blacks because whites felt that blacks were taking their positions in jobs and other areas.

They felt that the only reasonable positions for blacks were as slaves for whites.

A major result of the emancipation of slaves by Lincoln was the formation of the

KKK, also known as the Ku Klux Klan. They were their own police in the sense that

they killed blacks in the middle of the night and even killed any whites who supported

blacks in the slave movement. They were unhappy with the freeing of slaves because

they felt like blacks were taking their jobs. Attempts to suppress slavery, such as the

Dred Scott Case, only left a dent in the process of suppressing slavery, but it was not until

the words were clearly stated in the 13th Amendment that they were put into practice.

“ Neither slavery nor involuntary servitude, except as a punishment for crime whereof the

party shall have been duly convicted, shall exist within the United States, or any place

subject to their jurisdiction.” (McClenaghan 774).

Along with slavery, blacks and whites have further been divided according to skin

color. For example, they have been separated in schools, neighborhoods, buses, etc.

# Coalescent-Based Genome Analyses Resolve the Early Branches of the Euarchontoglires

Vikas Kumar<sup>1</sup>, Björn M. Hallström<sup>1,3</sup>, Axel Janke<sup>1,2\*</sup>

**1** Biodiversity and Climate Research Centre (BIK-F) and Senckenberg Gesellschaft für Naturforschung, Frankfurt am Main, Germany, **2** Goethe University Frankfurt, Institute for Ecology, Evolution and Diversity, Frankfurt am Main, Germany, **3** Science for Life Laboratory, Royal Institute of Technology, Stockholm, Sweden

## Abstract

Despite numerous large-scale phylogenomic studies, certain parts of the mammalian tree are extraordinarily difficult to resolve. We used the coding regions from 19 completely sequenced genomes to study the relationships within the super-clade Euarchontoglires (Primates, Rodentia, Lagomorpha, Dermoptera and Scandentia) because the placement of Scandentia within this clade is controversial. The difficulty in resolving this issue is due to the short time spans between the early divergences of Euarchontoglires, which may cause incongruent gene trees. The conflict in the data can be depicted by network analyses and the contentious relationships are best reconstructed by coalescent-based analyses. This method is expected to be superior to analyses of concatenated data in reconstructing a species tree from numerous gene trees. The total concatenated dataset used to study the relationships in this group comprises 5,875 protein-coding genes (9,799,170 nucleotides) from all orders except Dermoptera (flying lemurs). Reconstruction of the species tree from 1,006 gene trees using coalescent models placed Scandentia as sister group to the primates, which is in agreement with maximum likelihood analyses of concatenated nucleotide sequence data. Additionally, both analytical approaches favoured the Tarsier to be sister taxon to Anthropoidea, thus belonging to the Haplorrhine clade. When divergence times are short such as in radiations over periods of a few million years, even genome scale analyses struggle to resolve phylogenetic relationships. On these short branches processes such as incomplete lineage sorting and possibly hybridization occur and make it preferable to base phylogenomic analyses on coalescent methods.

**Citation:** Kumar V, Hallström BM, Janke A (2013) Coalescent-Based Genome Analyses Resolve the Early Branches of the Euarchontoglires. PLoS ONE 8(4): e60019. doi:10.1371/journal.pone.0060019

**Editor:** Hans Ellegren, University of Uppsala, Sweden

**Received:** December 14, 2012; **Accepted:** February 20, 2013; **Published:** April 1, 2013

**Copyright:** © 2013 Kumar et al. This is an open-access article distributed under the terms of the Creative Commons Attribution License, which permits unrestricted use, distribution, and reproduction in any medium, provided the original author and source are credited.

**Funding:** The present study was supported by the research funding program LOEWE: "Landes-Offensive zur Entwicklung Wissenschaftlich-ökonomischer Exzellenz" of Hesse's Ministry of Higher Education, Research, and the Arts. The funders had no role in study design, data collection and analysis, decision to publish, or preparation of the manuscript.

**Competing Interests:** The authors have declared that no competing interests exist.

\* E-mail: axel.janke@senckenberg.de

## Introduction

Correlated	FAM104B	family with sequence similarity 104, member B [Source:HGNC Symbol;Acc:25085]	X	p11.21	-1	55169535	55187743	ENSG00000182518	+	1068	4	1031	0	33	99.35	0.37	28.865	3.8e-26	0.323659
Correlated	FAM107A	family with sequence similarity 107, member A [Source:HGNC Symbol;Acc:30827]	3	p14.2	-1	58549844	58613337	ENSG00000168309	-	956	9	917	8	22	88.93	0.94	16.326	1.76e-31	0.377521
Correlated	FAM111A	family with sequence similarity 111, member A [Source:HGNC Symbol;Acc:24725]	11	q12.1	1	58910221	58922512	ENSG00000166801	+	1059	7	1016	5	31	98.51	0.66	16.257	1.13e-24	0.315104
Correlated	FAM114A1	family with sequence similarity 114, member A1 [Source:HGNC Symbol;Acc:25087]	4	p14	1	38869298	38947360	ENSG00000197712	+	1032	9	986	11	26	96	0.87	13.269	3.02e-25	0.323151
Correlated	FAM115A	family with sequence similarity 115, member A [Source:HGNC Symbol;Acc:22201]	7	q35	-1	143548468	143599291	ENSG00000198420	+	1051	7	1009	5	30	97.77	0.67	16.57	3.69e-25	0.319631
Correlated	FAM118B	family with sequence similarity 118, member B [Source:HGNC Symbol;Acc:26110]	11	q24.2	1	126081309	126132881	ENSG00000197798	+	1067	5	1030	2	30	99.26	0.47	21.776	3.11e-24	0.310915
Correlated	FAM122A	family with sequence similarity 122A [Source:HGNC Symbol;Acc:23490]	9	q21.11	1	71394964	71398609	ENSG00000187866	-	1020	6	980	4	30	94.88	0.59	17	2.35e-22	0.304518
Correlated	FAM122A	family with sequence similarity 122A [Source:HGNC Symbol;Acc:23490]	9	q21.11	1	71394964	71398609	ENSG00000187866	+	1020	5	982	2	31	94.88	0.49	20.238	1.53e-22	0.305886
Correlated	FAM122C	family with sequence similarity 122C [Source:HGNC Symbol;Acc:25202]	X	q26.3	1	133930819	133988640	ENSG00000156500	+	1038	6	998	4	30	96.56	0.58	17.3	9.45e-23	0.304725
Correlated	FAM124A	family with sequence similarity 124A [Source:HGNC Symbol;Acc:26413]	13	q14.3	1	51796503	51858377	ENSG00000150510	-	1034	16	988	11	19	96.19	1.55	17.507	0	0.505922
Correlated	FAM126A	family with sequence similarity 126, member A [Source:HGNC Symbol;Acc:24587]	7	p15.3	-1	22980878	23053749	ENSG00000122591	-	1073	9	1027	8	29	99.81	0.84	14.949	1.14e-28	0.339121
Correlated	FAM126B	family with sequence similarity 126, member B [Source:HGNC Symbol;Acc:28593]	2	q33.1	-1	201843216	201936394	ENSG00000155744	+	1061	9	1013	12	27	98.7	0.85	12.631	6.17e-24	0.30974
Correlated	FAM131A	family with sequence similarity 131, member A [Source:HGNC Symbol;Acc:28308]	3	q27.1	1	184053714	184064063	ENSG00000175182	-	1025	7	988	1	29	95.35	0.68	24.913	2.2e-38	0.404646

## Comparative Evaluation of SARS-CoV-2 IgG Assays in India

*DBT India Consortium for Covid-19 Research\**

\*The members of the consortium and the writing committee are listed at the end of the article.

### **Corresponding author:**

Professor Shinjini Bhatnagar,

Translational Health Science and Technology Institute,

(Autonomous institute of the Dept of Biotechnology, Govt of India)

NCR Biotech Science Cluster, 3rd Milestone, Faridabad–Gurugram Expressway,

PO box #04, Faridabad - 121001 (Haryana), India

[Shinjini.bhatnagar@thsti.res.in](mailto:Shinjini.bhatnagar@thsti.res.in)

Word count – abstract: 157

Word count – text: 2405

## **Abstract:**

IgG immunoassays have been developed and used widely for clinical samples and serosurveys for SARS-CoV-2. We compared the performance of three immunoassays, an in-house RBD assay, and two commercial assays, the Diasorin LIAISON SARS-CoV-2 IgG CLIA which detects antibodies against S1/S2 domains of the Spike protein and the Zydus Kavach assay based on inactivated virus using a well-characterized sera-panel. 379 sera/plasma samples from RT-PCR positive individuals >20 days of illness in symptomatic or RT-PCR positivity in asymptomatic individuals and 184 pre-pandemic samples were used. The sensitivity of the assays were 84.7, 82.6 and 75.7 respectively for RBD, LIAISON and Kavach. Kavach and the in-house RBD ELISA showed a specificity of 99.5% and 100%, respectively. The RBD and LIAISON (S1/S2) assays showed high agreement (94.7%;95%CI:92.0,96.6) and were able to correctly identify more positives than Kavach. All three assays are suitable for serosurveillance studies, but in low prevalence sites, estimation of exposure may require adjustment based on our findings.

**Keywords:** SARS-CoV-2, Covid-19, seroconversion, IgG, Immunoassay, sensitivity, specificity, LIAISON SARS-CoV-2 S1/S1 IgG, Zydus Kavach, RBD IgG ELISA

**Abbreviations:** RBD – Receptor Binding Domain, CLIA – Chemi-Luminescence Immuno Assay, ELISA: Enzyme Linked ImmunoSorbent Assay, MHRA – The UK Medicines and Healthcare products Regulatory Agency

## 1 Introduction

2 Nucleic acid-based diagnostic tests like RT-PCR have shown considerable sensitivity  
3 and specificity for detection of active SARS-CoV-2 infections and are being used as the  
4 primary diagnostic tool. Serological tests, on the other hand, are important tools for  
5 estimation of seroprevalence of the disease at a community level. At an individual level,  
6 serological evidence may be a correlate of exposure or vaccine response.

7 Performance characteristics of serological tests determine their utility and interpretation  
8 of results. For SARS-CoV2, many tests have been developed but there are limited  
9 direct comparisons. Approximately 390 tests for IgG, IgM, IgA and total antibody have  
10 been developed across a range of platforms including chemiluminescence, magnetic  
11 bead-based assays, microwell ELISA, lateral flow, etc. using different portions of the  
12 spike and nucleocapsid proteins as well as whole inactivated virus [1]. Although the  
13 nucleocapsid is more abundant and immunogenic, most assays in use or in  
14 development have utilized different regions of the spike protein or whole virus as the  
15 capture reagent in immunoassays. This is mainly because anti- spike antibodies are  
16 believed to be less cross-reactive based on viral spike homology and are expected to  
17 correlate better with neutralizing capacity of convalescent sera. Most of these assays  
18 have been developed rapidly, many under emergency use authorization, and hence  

Blacks and whites also separated in their rights to vote. It wasn't until the Fifteenth

Amendment that black men had an equal opportunity to vote as white men. However, the

rights of African Americans were either slightly noticed or not noticed at all compared to

those of whites. The Fifteenth Amendment could not be effective unless people worked

together to enforce it. “Yet for almost 90 years the Federal Government paid little

attention to voting rights for African Americans” (McClenaghan 159).

There has been an ongoing process of ways to suppress racial segregation and one

event sparked the beginning of the next. For example, Rosa Parks was a woman who

fought against her right as a black woman to sit in a white-only section of a bus.

However, she was arrested for attempting to stand up for her rights and her bravery

sparked the struggle for equality between blacks and whites. The Montgomery Bus

Boycott followed as a result of the heroic deeds of Rosa Parks, in which black students

refused to take buses until they were able to choose where they could sit.